KU Statehouse Wire Service
A bill could create a new classification of vehicles in Kansas known as “autocycles.”
Proponents of House Bill 2044 say autocycles are neither cars nor motorcycles and need their own classification to protect drivers from breaking the law.
Autocycles are three-wheeled vehicles that weight about 1,200 pounds and have seats like a car, but the federal government classifies any vehicle with less than four wheels as a motorcycle. To operate autocycles in Kansas, drivers must have a motorcycle license, but proponents say the motorcycle license test isn’t helpful for operating autocycles because they aren’t driven the same way.
“It’s a requirement that makes absolutely no sense,” said Joel Sheltrown, vice president of governmental affairs for Elio Motors, a Phoenix company that plans to start making autocycles in 2016. “My customer base, a lot of them, don’t have motorcycles licenses and they’re not going to go out and rent a motorcycle, learn how to drive it, go down and take a test just so they can drive our vehicle, especially seniors.”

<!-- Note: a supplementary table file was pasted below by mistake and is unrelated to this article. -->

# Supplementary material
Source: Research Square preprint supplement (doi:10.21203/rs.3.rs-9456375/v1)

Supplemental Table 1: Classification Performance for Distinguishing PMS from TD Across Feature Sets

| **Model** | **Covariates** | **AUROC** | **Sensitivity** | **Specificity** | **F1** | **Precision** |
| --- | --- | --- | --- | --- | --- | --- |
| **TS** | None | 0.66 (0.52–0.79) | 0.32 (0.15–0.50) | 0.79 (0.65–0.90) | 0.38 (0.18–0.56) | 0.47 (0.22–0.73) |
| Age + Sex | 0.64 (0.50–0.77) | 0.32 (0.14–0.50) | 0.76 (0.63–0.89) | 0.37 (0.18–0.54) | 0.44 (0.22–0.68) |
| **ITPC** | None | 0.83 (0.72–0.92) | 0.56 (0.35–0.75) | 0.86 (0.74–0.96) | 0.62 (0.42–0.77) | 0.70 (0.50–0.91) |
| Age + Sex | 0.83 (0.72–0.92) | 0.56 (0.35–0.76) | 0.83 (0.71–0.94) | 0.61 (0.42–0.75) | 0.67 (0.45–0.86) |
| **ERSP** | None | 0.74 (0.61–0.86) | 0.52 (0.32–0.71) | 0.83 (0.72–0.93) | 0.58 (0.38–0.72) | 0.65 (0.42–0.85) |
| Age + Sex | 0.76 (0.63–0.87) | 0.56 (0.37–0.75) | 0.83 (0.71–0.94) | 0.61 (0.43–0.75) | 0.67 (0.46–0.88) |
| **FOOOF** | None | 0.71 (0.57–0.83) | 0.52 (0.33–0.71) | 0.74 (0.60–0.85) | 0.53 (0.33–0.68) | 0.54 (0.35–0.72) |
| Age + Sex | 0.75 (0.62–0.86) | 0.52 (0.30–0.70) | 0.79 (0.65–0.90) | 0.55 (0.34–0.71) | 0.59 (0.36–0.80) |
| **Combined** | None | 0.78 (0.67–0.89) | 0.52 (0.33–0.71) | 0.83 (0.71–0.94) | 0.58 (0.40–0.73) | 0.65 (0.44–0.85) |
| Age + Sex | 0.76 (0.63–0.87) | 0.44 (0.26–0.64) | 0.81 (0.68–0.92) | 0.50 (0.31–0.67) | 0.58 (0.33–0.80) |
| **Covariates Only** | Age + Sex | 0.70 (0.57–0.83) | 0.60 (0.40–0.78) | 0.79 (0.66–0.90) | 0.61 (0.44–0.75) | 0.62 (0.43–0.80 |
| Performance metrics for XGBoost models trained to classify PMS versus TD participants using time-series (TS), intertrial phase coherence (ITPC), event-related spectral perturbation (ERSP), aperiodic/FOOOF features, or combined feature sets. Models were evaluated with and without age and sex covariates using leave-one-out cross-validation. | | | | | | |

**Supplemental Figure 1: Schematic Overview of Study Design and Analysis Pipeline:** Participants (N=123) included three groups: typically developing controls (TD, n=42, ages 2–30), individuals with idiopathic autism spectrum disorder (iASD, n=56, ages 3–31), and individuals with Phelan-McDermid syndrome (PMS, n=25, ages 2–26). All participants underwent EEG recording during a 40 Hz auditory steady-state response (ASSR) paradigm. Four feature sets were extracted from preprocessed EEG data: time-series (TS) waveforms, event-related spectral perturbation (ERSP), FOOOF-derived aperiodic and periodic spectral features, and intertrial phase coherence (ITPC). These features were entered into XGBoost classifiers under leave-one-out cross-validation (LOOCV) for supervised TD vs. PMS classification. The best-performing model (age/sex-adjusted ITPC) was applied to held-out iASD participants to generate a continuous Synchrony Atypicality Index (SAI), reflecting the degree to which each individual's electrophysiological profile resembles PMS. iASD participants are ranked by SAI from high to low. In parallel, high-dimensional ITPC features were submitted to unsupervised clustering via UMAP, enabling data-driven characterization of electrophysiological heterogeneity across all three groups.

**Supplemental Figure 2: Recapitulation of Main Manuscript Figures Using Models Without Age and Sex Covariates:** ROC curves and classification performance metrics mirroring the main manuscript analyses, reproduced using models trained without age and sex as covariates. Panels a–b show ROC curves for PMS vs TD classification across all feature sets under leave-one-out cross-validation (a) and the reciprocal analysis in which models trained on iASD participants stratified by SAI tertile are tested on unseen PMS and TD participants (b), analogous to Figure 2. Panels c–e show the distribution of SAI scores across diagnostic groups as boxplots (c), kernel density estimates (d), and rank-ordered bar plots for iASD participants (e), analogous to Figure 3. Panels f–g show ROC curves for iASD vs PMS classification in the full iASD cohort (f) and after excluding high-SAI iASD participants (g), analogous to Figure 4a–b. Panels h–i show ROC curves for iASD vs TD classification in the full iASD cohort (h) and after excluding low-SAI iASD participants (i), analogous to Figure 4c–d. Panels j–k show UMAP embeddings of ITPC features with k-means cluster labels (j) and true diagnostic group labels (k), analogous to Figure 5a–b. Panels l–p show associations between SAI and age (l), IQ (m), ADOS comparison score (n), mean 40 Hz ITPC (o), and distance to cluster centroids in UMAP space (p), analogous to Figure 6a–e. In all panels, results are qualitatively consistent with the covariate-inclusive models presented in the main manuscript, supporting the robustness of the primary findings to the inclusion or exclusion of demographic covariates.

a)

Sheltrown said about 18 states are working on legislation for autocycles and six states already passed laws for defining autocycles. HB 2044 passed the Kansas House last month by a 123-0 vote.
He said this bill would insure legislation is in place by the time Elio starts making autocycles next year. Otherwise, out-of-state drivers could run into trouble if they drive into a state like Kansas where a motorcycle license is required. He said drivers could face tickets or possibly get their vehicle impounded until they could prove they had a motorcycle license.
Rep. Travis Couture-Lovelady (R-Palco) shared the same concern for autocycle drivers coming in from other states.
“If they were cruising down I-70 and pass into Kansas they’d automatically be breaking the law,” he said.
Couture-Lovelady supports the bill and said it wouldn’t have a fiscal effect. He says this industry has potential to grow as the vehicles from Elio would cost about $6,800 and get 84 miles to the gallon on the highway.
“It’s kind of an emerging industry across the country,” Couture-Lovelady said. “There’s a lot of folks that could really benefit from this.”
Sheltrown said there are about a dozen people in Kansas who drive Slingshots, an autocycle made by Polaris. Nationally, he said Elio has more than 40,000 pre-sold reservations on its autocycle.
Sen. Mike Petersen (R-Wichita), chairman of the Senate Transportation Committee, said it would meet Thursday to discuss the bill and work out senators’ questions.
Kelsie Jennings is a University of Kansas senior from Olathe majoring in journalism.
Autocycle bill would classify three-wheelers